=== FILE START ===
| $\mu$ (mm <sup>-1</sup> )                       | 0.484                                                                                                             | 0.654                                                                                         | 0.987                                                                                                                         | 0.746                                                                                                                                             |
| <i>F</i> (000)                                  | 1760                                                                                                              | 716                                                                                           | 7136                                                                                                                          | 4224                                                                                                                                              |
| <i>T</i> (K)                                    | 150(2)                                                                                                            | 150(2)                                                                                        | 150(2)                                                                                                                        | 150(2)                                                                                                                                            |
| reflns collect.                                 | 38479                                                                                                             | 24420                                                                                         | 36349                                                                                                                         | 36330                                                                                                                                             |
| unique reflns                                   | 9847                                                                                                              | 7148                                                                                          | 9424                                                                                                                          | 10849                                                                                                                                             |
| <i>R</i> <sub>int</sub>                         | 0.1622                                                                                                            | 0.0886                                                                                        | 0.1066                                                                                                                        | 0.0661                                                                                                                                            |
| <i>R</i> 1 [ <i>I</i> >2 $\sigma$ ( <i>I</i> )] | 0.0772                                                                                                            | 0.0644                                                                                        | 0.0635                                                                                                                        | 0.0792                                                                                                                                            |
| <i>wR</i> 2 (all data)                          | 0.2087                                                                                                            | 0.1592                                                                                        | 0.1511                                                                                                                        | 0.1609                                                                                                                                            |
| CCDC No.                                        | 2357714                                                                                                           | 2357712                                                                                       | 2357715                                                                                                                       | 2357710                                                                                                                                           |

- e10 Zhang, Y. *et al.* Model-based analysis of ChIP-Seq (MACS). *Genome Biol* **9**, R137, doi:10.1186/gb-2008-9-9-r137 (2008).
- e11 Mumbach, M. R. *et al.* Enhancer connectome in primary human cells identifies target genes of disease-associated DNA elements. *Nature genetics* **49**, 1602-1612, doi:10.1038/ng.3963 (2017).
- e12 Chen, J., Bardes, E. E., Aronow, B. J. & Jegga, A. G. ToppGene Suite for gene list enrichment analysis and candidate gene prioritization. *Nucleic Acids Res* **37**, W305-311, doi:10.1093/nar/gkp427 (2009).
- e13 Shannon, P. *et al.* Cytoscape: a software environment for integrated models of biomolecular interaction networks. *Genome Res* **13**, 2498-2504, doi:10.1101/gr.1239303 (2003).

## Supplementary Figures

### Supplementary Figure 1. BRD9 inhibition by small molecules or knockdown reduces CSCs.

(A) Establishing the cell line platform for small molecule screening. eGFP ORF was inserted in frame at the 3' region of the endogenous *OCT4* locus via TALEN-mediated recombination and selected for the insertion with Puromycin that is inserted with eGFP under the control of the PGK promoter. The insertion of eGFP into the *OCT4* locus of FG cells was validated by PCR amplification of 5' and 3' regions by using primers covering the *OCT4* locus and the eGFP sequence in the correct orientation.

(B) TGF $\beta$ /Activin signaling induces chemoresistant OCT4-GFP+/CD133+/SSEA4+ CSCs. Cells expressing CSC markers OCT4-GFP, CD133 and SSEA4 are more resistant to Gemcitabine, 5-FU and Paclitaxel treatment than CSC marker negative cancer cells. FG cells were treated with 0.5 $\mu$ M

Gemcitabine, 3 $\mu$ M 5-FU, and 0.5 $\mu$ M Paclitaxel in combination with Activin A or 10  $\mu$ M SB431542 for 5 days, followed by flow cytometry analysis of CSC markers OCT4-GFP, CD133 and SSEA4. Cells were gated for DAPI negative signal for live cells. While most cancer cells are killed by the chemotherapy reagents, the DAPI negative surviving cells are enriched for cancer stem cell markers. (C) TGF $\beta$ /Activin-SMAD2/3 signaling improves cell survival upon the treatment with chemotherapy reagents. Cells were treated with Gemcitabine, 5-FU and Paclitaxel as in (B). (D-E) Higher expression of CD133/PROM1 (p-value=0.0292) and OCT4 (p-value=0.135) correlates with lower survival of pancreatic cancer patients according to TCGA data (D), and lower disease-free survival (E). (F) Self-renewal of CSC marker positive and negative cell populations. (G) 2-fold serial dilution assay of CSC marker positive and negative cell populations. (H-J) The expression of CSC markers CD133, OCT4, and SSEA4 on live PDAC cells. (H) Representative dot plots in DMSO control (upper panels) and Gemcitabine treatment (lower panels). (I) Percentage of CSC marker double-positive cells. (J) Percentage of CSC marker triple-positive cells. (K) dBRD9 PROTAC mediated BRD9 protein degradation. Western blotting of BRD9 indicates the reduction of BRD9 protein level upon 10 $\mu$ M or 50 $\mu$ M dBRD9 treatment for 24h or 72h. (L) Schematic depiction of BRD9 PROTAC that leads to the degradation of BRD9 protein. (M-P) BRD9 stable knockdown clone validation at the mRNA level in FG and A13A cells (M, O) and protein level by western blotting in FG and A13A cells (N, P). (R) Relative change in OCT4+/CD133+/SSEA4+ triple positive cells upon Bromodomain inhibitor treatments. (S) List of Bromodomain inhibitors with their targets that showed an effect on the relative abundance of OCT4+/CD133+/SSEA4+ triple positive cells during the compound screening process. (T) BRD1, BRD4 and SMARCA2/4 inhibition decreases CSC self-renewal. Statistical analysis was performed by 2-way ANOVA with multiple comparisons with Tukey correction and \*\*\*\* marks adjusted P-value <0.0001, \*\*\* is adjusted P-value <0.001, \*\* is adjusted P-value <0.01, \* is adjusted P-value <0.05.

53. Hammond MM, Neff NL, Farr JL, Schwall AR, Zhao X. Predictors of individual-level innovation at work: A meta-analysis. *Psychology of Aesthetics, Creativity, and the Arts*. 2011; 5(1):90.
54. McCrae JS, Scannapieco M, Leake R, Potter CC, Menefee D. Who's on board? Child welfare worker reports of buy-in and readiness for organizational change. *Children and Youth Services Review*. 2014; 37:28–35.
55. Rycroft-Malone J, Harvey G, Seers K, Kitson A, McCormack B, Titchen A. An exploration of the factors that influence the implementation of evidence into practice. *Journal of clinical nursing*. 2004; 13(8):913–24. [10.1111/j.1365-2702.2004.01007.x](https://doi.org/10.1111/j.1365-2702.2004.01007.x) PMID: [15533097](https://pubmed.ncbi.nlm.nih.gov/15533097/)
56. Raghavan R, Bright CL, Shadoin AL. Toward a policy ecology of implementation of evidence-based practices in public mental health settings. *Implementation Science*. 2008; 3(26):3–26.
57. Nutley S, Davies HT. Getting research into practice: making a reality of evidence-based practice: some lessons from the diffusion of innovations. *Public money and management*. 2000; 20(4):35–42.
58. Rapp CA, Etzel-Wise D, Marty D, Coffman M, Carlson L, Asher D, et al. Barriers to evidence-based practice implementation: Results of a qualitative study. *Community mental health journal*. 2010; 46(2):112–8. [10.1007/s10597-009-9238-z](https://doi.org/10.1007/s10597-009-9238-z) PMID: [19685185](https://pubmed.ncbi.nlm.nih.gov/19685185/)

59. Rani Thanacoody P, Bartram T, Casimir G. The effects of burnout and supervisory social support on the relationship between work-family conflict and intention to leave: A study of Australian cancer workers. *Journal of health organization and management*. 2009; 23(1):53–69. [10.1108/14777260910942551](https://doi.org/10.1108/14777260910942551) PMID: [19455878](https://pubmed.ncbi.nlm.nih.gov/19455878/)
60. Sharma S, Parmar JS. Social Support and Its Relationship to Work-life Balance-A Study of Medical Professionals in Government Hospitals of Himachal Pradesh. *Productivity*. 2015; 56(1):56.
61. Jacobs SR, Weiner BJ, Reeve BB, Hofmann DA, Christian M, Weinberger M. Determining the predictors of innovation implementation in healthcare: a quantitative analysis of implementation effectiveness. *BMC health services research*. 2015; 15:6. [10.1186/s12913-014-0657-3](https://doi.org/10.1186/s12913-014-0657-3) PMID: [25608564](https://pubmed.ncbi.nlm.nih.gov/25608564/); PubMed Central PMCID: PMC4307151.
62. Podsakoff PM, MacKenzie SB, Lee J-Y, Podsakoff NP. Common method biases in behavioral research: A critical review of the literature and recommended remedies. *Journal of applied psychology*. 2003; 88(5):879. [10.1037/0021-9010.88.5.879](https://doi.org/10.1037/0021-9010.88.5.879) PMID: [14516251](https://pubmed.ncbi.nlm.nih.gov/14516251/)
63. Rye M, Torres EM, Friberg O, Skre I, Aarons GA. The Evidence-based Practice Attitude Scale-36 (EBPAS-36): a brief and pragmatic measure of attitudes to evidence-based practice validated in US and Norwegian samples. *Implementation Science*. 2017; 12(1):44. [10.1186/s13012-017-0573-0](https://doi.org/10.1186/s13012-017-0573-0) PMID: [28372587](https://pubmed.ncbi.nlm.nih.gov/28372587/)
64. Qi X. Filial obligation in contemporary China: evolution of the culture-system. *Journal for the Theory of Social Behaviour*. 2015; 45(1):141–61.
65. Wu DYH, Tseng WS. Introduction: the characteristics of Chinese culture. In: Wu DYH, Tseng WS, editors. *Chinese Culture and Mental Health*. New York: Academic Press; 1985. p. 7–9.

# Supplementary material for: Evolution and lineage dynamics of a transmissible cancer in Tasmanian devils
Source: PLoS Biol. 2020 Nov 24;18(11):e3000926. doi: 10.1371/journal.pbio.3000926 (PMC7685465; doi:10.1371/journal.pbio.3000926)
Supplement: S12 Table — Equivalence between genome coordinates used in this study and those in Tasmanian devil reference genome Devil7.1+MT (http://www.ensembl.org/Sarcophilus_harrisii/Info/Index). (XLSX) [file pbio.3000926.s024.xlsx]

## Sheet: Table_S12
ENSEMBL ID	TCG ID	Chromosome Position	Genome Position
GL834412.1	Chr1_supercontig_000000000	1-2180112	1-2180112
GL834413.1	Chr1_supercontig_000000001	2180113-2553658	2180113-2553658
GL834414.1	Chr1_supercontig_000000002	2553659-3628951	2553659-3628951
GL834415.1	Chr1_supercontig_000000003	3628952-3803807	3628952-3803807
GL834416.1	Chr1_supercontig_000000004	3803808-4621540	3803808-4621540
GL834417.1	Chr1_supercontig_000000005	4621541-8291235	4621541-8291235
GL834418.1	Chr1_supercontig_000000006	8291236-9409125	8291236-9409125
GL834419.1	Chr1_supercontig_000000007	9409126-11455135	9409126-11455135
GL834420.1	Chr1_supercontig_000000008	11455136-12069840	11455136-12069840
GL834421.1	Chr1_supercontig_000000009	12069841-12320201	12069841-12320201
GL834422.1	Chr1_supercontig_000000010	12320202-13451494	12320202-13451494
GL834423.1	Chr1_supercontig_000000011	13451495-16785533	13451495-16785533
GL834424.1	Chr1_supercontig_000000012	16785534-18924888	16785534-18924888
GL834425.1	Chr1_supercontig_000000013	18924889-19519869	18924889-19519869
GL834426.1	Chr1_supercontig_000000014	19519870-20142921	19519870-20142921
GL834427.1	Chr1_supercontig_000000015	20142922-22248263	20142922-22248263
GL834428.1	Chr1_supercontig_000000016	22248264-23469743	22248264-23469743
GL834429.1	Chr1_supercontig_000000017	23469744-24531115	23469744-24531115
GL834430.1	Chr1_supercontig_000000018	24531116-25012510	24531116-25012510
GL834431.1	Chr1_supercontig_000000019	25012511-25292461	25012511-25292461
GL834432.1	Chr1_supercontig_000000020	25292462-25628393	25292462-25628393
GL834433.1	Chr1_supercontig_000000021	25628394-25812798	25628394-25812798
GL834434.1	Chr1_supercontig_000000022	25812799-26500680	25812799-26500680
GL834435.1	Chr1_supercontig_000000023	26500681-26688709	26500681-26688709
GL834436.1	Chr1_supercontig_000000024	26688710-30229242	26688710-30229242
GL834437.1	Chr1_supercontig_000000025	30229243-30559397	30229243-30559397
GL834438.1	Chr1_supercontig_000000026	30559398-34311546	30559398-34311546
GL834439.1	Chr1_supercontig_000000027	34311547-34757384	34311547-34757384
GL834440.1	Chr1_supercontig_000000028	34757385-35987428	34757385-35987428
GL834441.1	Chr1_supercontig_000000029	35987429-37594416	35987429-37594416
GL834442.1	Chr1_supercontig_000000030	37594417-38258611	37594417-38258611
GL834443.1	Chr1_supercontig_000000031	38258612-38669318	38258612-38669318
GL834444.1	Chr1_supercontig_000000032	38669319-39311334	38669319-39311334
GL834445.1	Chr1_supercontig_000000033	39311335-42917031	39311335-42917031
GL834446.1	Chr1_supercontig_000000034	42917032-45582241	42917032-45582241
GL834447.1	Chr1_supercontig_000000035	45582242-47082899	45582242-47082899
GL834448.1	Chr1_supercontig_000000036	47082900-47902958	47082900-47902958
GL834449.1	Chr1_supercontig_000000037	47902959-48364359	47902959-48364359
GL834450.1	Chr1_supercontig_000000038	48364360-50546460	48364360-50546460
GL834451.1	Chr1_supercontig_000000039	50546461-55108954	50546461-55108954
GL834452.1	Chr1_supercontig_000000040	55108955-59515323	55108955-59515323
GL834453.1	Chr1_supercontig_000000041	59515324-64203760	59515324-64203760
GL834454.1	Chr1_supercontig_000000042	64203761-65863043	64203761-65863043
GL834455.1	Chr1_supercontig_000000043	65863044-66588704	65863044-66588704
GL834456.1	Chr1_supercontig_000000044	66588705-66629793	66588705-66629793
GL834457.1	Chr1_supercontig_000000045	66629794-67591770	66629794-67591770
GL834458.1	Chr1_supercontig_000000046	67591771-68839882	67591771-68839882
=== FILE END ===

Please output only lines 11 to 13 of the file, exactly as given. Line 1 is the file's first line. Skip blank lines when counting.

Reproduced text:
- e11 Mumbach, M. R. *et al.* Enhancer connectome in primary human cells identifies target genes of disease-associated DNA elements. *Nature genetics* **49**, 1602-1612, doi:10.1038/ng.3963 (2017).
- e12 Chen, J., Bardes, E. E., Aronow, B. J. & Jegga, A. G. ToppGene Suite for gene list enrichment analysis and candidate gene prioritization. *Nucleic Acids Res* **37**, W305-311, doi:10.1093/nar/gkp427 (2009).
- e13 Shannon, P. *et al.* Cytoscape: a software environment for integrated models of biomolecular interaction networks. *Genome Res* **13**, 2498-2504, doi:10.1101/gr.1239303 (2003).